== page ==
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Editor’s Note: This is part our on-going series on chiasmus, in celebration of the 50th anniversary of its discovery in the Book of Mormon. Be sure to check out our other KnoWhys on chiasmus and the Chiasmus Resources website for more information.
In the last fifty years, hundreds of chiasms from the Book of Mormon have been proposed and studied.1 As John W. Welch noted in 1995, there are “varying degrees of chiasticity,” and while “many proposed chiasms are impressive and interesting; others appear to be contrived or unremarkable.”2 In other words, not all chiasms are created equal.
So to celebrate the discovery of chiasmus fifty years ago, we at Book of Mormon Central present 10 of the most interesting chiasms in the Book of Mormon. Seven were presented over the last two weeks,3 and now we present the final three. Each one is interesting for different reasons. Some are impressive for their display of artistry and creativity, others are important for the doctrinal truths they help to teach, clarify, or emphasize, while yet others are significant because of ancient Hebrew or Mayan connections.
Readers are invited to evaluate these chiasms themselves utilizing the criteria discussed previously.4
1 Nephi 4:4–27
Nephi’s use of chiasmus “is that of a sophisticated literary technician.”5 One of the most chiastic sections of Nephi’s writings is the brass plates narrative. A chiastic pattern for all of 1 Nephi 3–5 has been proposed,6 and nine other chiasms have been found throughout this story.7 Of those, this is the longest and most complex, and it encompasses the most central event of the brass plates narrative: killing Laban and getting the plates.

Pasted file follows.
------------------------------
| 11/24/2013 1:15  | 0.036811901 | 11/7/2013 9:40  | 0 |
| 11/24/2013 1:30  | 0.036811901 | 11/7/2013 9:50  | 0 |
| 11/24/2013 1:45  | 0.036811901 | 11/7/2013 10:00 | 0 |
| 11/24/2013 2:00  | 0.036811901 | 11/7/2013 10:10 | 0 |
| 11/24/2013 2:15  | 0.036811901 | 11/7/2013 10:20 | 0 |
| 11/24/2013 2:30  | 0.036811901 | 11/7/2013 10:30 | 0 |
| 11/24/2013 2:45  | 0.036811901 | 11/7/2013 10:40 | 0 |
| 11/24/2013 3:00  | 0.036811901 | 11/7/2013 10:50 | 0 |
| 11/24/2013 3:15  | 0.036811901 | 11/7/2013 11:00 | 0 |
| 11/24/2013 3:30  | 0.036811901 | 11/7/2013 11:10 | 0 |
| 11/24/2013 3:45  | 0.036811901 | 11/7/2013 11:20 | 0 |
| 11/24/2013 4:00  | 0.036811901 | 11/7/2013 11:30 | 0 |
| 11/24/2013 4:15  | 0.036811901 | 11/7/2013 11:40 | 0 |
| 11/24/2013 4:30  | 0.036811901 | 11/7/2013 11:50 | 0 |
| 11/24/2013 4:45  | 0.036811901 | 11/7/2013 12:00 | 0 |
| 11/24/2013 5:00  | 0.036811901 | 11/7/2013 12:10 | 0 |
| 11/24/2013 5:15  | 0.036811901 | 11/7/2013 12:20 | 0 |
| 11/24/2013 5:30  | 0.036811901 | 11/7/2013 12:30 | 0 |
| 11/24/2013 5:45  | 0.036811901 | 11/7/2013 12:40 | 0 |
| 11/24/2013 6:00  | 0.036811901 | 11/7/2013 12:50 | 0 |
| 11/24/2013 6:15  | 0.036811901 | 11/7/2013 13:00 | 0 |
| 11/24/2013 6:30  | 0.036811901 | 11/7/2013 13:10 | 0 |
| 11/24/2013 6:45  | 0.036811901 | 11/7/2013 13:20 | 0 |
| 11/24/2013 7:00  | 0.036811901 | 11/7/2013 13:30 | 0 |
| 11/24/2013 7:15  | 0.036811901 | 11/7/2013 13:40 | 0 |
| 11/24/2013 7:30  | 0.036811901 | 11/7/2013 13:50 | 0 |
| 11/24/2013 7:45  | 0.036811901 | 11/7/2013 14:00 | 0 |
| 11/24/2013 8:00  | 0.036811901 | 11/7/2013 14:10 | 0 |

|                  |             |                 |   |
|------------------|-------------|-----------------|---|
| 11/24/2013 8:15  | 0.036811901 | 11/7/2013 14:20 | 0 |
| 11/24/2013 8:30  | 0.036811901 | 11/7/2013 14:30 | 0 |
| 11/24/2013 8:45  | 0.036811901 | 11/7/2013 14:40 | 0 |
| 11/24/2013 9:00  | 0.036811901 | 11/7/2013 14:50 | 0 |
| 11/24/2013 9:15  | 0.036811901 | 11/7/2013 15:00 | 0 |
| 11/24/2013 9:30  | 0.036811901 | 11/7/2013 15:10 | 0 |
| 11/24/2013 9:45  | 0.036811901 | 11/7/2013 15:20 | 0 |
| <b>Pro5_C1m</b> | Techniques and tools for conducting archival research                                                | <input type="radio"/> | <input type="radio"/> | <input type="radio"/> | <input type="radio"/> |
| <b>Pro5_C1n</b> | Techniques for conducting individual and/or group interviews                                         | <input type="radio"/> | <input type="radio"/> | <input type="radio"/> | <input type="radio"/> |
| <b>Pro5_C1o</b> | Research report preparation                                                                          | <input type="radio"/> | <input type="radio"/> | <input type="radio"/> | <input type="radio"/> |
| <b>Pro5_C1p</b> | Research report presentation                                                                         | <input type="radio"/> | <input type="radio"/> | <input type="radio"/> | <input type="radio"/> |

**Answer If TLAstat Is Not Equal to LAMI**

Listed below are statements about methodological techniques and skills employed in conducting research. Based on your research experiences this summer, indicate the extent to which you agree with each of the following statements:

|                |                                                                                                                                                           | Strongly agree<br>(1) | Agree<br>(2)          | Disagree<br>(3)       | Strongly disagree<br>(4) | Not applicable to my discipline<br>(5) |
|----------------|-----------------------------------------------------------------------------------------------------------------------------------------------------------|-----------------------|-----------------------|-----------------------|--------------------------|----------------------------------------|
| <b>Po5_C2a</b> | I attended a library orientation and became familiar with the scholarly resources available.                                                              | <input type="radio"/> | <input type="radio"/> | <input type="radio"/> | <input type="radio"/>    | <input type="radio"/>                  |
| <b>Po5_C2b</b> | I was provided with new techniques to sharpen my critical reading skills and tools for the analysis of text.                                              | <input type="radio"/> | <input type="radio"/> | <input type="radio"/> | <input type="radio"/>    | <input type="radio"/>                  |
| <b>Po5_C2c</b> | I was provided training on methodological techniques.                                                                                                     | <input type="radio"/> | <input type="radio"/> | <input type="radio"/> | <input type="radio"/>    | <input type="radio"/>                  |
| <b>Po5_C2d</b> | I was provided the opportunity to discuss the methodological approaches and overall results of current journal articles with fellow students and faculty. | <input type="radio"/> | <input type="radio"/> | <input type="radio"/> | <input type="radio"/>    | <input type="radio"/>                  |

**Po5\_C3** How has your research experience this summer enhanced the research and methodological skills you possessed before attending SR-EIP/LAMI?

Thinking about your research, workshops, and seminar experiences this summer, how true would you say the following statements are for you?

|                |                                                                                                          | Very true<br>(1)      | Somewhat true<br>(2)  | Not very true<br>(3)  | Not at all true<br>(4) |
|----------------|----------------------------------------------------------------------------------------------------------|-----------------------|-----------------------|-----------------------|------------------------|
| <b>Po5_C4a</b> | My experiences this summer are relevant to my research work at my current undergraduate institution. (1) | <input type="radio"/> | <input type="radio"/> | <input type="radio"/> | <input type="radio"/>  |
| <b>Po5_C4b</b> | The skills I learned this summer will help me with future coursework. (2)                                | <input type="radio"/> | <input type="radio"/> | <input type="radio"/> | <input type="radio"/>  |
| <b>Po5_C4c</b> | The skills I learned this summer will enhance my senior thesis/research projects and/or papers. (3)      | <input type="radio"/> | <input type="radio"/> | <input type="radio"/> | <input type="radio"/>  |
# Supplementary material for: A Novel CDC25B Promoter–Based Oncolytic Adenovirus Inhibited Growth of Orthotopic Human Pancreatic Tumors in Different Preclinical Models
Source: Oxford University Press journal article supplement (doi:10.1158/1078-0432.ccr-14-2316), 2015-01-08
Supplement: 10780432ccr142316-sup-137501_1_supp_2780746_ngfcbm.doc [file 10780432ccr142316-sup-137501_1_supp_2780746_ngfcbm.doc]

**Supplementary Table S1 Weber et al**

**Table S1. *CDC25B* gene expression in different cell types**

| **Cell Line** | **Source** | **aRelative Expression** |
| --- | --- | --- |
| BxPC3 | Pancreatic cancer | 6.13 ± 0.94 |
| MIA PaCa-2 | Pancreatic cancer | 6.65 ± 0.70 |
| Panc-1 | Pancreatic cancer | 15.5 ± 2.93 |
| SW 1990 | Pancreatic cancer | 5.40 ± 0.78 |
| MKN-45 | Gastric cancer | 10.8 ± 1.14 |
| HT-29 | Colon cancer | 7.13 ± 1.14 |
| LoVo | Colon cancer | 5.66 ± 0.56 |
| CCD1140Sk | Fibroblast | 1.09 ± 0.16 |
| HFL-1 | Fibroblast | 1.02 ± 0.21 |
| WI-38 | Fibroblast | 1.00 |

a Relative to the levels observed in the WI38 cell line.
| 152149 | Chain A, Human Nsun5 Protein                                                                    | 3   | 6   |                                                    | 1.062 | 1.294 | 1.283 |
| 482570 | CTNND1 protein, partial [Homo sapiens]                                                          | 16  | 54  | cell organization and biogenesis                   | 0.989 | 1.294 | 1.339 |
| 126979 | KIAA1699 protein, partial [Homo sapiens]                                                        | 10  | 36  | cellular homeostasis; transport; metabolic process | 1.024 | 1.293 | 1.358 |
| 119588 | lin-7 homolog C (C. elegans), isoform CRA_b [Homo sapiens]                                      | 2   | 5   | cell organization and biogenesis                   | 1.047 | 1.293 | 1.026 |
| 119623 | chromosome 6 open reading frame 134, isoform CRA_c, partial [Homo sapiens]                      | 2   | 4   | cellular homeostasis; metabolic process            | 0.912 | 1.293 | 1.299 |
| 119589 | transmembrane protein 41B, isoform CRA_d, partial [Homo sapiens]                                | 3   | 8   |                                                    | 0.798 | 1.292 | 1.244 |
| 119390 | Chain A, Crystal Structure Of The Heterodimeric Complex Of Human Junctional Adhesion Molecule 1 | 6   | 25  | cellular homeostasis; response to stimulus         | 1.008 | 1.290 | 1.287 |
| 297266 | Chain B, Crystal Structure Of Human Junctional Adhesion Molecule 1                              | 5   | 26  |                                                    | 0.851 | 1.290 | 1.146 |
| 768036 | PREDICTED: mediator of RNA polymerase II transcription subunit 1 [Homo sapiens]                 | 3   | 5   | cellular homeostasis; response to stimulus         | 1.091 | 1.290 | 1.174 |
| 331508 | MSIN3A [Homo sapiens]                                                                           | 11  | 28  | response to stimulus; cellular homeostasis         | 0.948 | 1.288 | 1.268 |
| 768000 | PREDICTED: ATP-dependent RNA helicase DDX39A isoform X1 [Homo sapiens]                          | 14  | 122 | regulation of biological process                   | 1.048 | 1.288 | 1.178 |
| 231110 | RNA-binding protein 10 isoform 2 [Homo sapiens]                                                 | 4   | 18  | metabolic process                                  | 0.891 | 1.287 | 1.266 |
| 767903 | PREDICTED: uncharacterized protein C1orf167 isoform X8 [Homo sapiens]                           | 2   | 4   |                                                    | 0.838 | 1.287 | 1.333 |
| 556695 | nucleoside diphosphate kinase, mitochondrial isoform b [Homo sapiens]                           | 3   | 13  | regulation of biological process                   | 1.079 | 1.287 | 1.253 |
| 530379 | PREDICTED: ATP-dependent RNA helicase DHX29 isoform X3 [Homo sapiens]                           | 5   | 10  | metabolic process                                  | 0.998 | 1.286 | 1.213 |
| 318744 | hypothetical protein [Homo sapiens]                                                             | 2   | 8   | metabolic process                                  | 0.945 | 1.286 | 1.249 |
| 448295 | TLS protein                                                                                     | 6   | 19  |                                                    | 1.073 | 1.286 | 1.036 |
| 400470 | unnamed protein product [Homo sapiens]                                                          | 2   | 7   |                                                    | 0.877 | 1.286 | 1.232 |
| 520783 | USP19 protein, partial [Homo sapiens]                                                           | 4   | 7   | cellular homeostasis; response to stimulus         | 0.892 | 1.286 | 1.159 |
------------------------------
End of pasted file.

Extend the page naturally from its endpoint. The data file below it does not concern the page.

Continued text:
The turning point to the story comes as Nephi realizes the need to have the plates for his posterity to keep the commandments (1 Nephi 4:14–15), and this comes at the center of the chiastic structure. The Lord’s commandments are also a central theme of the entire brass plates narrative, and command or commandments get repeated 18 times throughout 1 Nephi 3–5.8 John W. Welch has also illustrated that this story was actually a carefully written legal argument,9 and that chiasmus played an important role in biblical legal texts.10
Chiastic Structure Of 1 Nephi 4:4–27
|A||nevertheless they did follow me up until we came without the walls of Jerusalem. … and I caused that they should hide themselves without the walls. (v. 4–5)|
|B||I, Nephi, crept into the city and went forth towards the house of Laban. … as I came near unto the house of Laban I beheld a man … it was Laban. (v. 5–8)|
|C||I beheld his sword, and I drew it forth from the sheath thereof (v. 9)|
|D||I was constrained by the Spirit that I should kill Laban. … And the Spirit said unto me again: (v. 10–11)|
|E||Behold the Lord hath delivered him into thy hands. … Slay him, for the Lord hath delivered him into thy hands. (v. 11–12)|
|F||It is better that one man should perish than that a nation should dwindle and perish in unbelief. (v. 13)|